How do they continue to thrive? It turns out that Kosher food generally tastes better than non-Kosher food. Plus, since ballpark food is already so expensive, the premium price for Kosher food isn’t all that high in comparison.

As an added bonus, at all eight of the stadiums with Kosher food stands, a time is designated for people to gather and hold minyan! While most services attract a meager attendance, at Shea Stadium in New York they see a regular crowd of 100 daveners or more!

Kosher champagne doesn’t have to come from manischewitz

Monday, December 28th, 2009

There’s a common misconception that all kosher wines are sweet and make you feel a little queezy when consumed in any large volume. Well, it’s time for a New Year’s toast, and there are plenty of options out there to fill your glass this year, most costing more than $4.95 at the grocery store.

Do you know what the difference is between kosher and non-kosher wine (side-Did You Know…)? An observant Jew must handle the product from the time the grapes are picked, until it’s bottled. That’s it. That’s the only difference! Kosher wine, at it’s very core, does not need to be boiled.

Knowing that, we found several big names producing runs of kosher wines and champagnes, including Laurent-Perrier, a fine French winery, who’s brut and Rose Champagnes sell in the $100+ range, a stark contrast from the Rashi and Bartenura bottles for $15.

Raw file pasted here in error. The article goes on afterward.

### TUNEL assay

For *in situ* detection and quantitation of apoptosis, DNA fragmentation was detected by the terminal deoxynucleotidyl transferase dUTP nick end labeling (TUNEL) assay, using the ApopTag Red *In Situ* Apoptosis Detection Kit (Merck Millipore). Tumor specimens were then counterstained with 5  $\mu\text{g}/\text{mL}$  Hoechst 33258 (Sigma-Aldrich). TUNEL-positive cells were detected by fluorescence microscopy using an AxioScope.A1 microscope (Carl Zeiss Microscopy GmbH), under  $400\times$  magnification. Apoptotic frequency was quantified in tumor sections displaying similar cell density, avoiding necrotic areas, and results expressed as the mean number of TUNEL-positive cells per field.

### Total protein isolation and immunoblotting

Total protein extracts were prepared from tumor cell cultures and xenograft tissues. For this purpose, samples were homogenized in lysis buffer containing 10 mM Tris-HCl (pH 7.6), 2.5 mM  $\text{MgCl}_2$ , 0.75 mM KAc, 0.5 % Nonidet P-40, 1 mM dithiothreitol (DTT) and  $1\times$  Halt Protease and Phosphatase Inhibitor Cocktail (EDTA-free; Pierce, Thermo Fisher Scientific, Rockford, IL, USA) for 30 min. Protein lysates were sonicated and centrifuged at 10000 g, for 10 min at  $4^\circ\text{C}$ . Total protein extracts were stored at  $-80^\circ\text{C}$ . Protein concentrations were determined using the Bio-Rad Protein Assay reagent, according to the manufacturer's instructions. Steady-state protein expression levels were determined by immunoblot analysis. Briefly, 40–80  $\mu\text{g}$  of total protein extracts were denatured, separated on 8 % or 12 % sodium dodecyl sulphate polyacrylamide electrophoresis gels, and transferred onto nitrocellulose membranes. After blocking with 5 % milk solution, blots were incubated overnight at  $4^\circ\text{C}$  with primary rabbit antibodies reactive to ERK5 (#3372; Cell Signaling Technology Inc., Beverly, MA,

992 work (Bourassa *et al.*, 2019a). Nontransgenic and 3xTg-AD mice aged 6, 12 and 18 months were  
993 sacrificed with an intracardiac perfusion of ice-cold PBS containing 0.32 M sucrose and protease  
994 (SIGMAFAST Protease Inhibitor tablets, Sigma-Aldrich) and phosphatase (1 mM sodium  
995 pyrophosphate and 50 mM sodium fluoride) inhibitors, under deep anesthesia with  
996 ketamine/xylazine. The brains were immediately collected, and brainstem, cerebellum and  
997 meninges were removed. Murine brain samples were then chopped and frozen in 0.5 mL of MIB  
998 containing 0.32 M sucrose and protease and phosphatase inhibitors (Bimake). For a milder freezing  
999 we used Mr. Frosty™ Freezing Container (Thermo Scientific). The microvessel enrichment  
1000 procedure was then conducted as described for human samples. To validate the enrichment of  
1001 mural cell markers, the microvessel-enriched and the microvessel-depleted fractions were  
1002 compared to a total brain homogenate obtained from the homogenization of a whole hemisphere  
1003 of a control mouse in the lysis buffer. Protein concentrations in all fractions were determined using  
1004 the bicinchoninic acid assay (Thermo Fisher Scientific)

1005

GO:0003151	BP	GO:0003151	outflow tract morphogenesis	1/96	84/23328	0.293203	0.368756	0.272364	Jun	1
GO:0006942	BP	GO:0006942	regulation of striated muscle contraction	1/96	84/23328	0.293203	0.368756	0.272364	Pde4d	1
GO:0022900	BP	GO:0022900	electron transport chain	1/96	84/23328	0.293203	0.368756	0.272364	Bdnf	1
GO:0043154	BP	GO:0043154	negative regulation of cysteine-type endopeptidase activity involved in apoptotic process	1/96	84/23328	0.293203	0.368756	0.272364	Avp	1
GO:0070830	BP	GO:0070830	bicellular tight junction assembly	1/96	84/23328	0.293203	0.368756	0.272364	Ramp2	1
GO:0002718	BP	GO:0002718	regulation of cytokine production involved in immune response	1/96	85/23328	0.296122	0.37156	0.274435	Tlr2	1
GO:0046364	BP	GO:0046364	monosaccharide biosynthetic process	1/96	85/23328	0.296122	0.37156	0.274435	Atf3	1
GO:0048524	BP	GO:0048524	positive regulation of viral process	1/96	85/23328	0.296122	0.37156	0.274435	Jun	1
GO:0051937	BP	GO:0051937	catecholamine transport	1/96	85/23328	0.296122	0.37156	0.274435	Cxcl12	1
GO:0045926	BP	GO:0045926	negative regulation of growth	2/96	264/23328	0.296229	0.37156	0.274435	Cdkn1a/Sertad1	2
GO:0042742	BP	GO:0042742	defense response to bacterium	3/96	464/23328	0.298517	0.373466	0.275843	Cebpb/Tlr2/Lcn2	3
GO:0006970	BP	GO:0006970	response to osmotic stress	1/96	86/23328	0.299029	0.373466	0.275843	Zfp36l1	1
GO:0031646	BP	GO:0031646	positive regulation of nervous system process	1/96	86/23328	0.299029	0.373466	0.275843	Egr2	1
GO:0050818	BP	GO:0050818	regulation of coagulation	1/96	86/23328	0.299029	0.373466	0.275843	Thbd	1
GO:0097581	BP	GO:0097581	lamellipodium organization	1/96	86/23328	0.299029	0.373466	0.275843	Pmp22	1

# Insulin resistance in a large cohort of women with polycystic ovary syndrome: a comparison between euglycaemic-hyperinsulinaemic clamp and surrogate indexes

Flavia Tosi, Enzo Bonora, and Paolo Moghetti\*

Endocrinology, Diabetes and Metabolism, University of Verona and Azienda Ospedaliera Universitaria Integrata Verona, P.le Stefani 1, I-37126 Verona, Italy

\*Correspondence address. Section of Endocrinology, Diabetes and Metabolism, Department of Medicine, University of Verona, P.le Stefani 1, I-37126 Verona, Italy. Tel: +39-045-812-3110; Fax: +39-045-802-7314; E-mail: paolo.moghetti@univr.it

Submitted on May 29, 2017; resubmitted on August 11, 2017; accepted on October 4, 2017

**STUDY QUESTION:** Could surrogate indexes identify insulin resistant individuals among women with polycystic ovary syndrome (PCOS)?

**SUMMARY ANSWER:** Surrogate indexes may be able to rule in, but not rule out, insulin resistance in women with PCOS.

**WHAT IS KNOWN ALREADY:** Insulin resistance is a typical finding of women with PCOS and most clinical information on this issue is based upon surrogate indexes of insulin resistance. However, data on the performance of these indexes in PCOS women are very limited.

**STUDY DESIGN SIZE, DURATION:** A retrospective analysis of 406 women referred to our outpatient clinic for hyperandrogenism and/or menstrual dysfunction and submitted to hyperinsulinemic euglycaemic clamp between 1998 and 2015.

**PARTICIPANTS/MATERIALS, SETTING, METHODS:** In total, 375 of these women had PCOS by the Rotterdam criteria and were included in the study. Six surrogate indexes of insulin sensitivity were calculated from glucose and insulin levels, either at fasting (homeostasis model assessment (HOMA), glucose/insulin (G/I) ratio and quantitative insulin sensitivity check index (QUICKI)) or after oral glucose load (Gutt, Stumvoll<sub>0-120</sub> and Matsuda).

So, this New Year’s Eve, raise a glass and toast some expensive Kosher champagne, and then send a bottle our way… We’ve never tasted $100 champagne.

Jews Play Poker on Christmas Eve

Monday, December 21st, 2009

You’ve heard the one about Jews eating Chinese food on Christmas, but have you heard the one about playing cards?

It’s true! And even more-so than the Chinese food “tradition”. For years, rabbis have been in agreement that gambling on Christmas eve isn’t such a bad thing.

The custom dates back centuries, when, in Central and Eastern Europe Jews were afraid to leave their homes to study Torah at the synagogue on Christmas eve, fearing that they would be attacked in the streets. Instead, they would stay home and play cards or chess with their families.

Today, the tradition of playing poker on Christmas Eve has evolved, since most of us aren’t fearful of being attacked. Instead, rabbis explain that it’s better that Jews be engaged in games, even gambling, if it means they aren’t involved in celebrating Christmas.

So, this Christmas eve, may Lady Luck be on your side, rather than Father Christmas.

The First Hanukah Gifts were Tzedakah!

Monday, December 14th, 2009

These days, it’s become tradition to give friends and relatives gifts on Hanukah. But did you know that originally, Hanukah gifts, or “gelt,” were small amounts of money, given to children, who were then instructed to give it to tzedakah as a way of sharing the blessings of Hanukah.

Over time, that custom shifted, and the children kept the gelt for themselves, thus missing the point of the exercise. The purpose has become even more skewed, as gelt for tzedakah has been replaced by toys and other gifts.

So, maybe this year, we can kick it old-school and give a little bit to charity on one night, as we open our Nintendo Wii or new sweater the next.

The original latkes were cheese — not potato!

Monday, December 7th, 2009

Any historian worth his weight in potatoeswould tell you that the potato was a new-world food, introduced to Europe well after the story of Hanukah took place 2200 years ago.  Thus, it was pretty difficult for anyone to make potato latkes back in the old-world.

It is therefore believed that the first fried pancakes at Hanukah time were made of cheese and egg, rather than the delicious potato concoctions we enjoy today.

Wanna try a cheese latke?  You’ll find a few cheesy recipes here, as well as all sorts of other strange latke blends, you probably never knew existed!